Comfort & Confidence
Comfort & Confidence
Jane Austen’s Pride & Prejudice has become recognised as a seminal work about discrimination and bias during her times. Expressed with the lightness of a feather and the whip of a rapier, Miss Austen deliciously dissected the decadence of the social system while keeping a wide eye open for the funny bits. Noel Coward claimed that he had a talent to amuse. Miss Austen, had she been the claiming type – which she most definitely was not – might have wanted the soubriquet that she had a talent to bemuse. What a gift.
She certainly influenced many writers, this one included. So I thank her for the concept of Comfort & Confidence and take a brief look at the relationship between the two. At first glance it might seem to be tenuous. Glance again and it looks more important than that. “I’m not comfortable with the behaviour of the Chair” expressed by a member at a Board meeting would bring the Chair to account faster than any other criticism short of an arrest. “Our relationship is comfortable now” as a comment on the aftermath of a quarrel is a closure many would be happy to have.
Comfort is not only to do with feeling well or having good seats at the opera. It is an attitude towards oneself, a state of mind that allows us to handle things with aplomb. Even physical discomfort makes us uncertain, edgy, irritable and generally ‘out of sorts’. So comfort is not exclusively mental, it involves a good deal of physical, too. Think of it this way. When you settle down to sleep, wherever you are, you fit yourself snugly into you bed adjusting pillows and blankets to give you that well-being feeling that will send you swiftly to dreamland.
As a good driver you ‘settle’ into a car before starting the engine or attempting to move off. Adjusting seat belt, mirrors, reminding yourself of the layout of the instruments, checking fuel and oil and so on – all this in aid of making you comfortable so that your driving will be smooth and firm. Or, as we say, Comfortable & Confident. You know a good driver within seconds of getting into his or her car. You know if anyone is uncomfortable and lacking confidence the minute you meet them.
Comfort & Confidence exhibit in other ways, too. You may have noticed that the busiest people have time for you. The less employed are always ‘too busy’ to help. Everyone works harder in the first three months after retirement than they ever did while in their job. They have lost their support group and emotionally wander as though through a forest of charred trees after a fire. There are few things more debilitating to a leader than to lose his or her job. That is why we always sympathise with a downfaller. It could so easily – or may already – have been us.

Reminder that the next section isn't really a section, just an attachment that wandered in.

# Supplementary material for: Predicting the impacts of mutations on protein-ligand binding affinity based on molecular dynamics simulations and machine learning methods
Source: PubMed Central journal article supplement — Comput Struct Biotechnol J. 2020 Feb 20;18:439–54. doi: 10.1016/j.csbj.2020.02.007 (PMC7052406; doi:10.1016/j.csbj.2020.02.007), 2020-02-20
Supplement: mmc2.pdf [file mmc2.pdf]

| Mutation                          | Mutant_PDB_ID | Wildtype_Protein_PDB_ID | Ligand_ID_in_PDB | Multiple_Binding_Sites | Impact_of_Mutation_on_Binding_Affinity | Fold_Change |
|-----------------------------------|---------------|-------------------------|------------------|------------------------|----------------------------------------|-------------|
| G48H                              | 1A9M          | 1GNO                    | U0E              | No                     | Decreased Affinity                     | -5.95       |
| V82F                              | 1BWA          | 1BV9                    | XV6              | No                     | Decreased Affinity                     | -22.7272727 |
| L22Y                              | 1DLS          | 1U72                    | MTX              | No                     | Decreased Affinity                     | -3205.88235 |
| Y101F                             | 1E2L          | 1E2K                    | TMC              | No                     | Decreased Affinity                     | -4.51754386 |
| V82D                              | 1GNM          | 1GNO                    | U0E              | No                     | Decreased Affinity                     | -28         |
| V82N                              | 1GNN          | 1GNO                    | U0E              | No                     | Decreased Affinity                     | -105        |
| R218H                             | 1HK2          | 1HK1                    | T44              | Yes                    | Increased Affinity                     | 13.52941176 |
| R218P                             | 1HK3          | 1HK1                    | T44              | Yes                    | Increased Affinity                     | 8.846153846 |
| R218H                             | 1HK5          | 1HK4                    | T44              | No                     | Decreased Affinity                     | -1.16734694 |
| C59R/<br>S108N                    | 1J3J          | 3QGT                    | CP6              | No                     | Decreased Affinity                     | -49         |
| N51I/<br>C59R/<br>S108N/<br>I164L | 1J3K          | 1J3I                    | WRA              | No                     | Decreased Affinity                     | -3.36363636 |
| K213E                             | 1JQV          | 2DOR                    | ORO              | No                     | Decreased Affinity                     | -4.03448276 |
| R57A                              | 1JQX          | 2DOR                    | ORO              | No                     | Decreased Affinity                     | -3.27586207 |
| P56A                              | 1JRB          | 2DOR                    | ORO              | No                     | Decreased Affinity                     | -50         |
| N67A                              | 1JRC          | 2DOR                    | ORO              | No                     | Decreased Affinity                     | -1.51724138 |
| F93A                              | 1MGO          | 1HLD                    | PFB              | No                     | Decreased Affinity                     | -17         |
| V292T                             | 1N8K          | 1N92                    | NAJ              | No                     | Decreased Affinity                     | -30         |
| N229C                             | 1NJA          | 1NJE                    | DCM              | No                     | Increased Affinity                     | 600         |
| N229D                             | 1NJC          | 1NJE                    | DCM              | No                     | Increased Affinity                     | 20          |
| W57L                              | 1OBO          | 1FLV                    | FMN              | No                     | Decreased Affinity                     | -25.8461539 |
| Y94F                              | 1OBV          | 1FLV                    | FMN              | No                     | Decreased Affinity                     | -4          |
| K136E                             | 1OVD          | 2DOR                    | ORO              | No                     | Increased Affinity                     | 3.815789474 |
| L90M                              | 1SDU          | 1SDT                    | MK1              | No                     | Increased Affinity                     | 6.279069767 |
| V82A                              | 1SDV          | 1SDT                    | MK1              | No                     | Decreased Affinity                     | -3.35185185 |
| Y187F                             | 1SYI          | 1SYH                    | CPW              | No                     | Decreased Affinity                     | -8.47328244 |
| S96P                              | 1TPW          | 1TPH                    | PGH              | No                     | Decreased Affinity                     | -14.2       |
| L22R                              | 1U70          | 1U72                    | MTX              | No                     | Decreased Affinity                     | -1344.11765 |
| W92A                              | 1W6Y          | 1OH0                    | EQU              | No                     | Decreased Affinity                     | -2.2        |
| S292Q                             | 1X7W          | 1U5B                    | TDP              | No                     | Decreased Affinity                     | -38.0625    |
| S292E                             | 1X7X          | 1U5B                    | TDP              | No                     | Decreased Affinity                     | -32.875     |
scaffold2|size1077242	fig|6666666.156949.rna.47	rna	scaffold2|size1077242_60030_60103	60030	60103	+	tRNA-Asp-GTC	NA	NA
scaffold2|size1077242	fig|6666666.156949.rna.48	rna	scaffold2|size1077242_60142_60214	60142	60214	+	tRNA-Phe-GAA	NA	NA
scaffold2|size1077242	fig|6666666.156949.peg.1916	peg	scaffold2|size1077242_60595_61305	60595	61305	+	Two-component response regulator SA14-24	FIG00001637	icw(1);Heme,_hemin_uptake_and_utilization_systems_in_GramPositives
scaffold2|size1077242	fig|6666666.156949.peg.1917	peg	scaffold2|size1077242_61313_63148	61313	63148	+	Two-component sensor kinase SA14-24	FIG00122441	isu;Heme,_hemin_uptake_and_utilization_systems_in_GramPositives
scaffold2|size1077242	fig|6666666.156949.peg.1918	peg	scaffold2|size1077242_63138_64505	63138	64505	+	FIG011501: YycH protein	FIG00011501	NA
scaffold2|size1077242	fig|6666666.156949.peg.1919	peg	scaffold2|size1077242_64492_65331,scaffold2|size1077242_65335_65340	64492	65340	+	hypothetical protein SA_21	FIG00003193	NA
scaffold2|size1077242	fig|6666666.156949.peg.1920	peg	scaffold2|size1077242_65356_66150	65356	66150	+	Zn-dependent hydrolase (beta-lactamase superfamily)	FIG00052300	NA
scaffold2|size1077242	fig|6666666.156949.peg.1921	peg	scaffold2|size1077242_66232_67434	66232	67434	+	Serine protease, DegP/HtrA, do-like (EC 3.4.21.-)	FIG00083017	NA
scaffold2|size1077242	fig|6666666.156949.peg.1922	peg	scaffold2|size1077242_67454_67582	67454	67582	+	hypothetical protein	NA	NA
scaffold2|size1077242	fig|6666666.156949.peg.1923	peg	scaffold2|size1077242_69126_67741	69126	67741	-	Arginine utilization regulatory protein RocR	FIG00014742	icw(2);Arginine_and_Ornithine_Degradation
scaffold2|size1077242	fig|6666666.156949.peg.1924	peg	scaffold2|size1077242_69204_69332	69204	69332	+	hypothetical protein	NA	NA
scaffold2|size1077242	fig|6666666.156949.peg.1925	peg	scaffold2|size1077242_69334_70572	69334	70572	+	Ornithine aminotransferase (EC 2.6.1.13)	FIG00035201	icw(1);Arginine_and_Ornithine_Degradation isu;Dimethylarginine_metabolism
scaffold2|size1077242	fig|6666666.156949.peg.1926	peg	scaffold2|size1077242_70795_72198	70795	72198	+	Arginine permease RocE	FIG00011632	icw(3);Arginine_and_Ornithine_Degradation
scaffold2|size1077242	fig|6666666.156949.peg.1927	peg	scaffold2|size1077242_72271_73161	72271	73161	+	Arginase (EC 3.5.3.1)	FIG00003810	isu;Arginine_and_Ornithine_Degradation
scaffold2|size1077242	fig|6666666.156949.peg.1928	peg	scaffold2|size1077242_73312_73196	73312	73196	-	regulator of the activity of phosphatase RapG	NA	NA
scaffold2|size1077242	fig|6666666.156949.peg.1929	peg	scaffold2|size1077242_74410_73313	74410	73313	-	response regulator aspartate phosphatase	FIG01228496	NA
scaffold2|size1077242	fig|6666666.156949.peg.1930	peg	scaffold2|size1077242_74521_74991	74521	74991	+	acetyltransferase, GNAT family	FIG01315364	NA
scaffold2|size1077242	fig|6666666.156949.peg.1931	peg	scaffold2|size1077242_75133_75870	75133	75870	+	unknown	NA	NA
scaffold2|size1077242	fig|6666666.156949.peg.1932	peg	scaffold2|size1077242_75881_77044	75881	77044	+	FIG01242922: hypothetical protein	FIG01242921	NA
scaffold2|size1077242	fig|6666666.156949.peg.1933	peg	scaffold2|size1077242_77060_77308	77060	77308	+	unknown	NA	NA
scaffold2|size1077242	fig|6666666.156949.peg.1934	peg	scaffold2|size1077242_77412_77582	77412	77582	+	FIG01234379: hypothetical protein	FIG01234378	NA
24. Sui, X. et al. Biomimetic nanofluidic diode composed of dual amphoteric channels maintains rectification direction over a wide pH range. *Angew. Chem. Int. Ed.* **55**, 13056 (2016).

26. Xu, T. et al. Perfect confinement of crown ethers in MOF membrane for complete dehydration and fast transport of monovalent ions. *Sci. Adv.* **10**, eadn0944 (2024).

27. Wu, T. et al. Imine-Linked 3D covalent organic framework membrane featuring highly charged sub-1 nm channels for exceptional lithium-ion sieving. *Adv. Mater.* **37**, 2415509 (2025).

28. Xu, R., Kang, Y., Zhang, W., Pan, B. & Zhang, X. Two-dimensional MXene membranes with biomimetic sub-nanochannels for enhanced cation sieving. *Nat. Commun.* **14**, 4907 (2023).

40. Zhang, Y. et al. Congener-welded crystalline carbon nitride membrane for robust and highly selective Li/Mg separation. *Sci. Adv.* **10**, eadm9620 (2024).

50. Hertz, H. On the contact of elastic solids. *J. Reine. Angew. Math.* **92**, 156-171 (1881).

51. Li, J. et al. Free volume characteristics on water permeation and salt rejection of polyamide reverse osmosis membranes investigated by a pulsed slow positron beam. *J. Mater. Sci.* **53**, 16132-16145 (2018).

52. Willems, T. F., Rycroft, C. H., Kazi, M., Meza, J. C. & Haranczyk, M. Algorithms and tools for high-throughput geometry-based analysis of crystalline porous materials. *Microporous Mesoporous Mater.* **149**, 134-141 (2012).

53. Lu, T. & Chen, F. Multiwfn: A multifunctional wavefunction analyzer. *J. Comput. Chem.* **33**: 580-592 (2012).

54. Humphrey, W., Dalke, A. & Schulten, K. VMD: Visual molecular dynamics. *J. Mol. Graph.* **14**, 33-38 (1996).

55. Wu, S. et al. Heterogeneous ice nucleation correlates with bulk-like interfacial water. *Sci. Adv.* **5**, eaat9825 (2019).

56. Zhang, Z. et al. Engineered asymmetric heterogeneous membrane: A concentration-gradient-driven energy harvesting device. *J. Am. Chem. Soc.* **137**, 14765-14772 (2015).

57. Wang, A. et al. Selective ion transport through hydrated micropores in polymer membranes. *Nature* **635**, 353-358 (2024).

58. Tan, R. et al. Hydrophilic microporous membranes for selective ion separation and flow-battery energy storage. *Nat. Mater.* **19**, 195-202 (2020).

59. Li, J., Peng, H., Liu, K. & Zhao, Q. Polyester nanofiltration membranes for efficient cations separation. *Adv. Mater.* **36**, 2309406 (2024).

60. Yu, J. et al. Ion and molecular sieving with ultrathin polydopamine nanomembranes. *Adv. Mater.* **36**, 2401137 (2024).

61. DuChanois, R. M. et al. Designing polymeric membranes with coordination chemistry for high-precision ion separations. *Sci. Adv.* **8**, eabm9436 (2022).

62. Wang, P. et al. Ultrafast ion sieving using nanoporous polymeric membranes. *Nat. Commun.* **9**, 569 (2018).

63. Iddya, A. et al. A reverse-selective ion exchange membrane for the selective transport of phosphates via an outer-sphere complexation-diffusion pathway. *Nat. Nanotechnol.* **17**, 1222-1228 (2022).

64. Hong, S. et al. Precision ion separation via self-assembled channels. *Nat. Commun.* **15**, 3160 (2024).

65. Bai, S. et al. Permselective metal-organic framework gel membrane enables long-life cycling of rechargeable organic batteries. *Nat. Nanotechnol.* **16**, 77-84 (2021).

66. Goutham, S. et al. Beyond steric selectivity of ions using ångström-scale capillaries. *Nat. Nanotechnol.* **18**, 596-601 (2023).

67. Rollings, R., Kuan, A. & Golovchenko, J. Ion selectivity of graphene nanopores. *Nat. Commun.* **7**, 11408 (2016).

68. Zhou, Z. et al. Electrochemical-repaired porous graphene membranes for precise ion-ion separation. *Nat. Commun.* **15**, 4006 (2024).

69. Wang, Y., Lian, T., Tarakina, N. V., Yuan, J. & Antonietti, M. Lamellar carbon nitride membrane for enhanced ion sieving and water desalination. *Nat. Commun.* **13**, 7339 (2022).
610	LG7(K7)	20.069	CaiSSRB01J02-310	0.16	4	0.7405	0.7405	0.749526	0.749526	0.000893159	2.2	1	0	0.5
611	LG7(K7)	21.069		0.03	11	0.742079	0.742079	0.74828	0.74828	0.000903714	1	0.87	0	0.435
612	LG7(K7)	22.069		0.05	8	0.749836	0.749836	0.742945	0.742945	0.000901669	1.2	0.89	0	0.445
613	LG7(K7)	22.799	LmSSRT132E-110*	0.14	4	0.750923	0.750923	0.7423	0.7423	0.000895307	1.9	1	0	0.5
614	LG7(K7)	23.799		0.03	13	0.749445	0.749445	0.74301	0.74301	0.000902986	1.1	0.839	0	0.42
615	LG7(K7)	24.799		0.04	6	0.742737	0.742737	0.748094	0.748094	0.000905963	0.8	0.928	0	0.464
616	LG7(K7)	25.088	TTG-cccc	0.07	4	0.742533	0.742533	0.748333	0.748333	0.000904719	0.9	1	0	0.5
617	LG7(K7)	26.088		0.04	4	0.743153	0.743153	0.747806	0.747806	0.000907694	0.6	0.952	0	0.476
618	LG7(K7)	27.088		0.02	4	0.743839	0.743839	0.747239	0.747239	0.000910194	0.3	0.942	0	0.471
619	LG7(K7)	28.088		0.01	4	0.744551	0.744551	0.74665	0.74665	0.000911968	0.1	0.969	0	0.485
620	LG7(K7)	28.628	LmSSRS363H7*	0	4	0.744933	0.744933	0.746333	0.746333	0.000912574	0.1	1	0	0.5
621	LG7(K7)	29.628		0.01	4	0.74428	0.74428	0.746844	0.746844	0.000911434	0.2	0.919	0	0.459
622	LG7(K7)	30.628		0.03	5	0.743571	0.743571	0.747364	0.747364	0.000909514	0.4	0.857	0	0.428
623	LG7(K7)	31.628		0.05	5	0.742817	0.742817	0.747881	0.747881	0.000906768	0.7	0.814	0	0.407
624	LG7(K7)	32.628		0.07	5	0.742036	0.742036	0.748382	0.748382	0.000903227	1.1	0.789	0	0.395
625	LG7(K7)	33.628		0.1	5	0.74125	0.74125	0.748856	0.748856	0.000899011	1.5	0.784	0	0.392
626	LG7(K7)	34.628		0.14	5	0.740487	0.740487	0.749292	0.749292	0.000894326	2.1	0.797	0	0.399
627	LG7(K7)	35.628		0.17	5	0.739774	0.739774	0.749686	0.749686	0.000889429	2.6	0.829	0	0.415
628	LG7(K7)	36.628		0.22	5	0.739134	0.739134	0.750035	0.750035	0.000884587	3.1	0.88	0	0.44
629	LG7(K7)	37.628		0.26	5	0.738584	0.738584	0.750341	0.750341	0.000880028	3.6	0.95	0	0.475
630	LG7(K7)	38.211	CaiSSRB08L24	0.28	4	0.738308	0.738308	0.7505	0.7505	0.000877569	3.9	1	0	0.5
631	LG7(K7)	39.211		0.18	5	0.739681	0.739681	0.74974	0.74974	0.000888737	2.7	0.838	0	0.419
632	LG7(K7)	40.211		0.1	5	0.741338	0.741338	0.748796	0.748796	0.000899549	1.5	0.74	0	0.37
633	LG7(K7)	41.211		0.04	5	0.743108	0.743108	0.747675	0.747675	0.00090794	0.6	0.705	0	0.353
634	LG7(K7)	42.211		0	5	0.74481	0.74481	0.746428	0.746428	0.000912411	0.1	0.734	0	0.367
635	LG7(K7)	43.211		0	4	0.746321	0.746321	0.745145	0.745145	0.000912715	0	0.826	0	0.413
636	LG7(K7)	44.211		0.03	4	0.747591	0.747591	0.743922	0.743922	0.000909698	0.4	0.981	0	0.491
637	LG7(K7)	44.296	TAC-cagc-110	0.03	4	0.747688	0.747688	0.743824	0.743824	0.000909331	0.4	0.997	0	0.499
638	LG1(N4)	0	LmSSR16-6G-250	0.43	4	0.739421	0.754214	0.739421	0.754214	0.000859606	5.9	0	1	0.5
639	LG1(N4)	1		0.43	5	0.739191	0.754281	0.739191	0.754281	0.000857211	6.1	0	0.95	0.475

Those seeking to be confident will need more than comfort. But they will only achieve confidence if they get themselves into a state of comfort first. It doesn’t require wealth. It requires that you are able to answer these five questions honestly and positively:
# However nervous I feel before an event in which I am going to take part, do I join in and contribute to it once I am there?
# In a meeting with several people more senior than me, am I able to find one important point that matters and battle for it rather than appear to niggle about everything?
# When I have to fire someone can I put them at ease, understand the importance of helping to maintain their dignity (regardless of the reason for firing them) and make a sympathetic offer?
# When I have failed through poor judgment on my part, am I able to say so, to seek guidance and help, and to put it behind me after a suitable time of reflection?
# When someone I care deeply about is unresponsive can I avoid argument and nagging and tell them they are valuable and loved?
If you hesitate on a few of them, think of making a concerted effort to put your Confidence in the sensitive hands of Comfort.
You will sleep easier, wake fresher and make better judgments.
Terrific Mentors International has a special programme to make the ‘less comfortable’ more comfortable. If you’d like to learn about it please email firstname.lastname@example.org.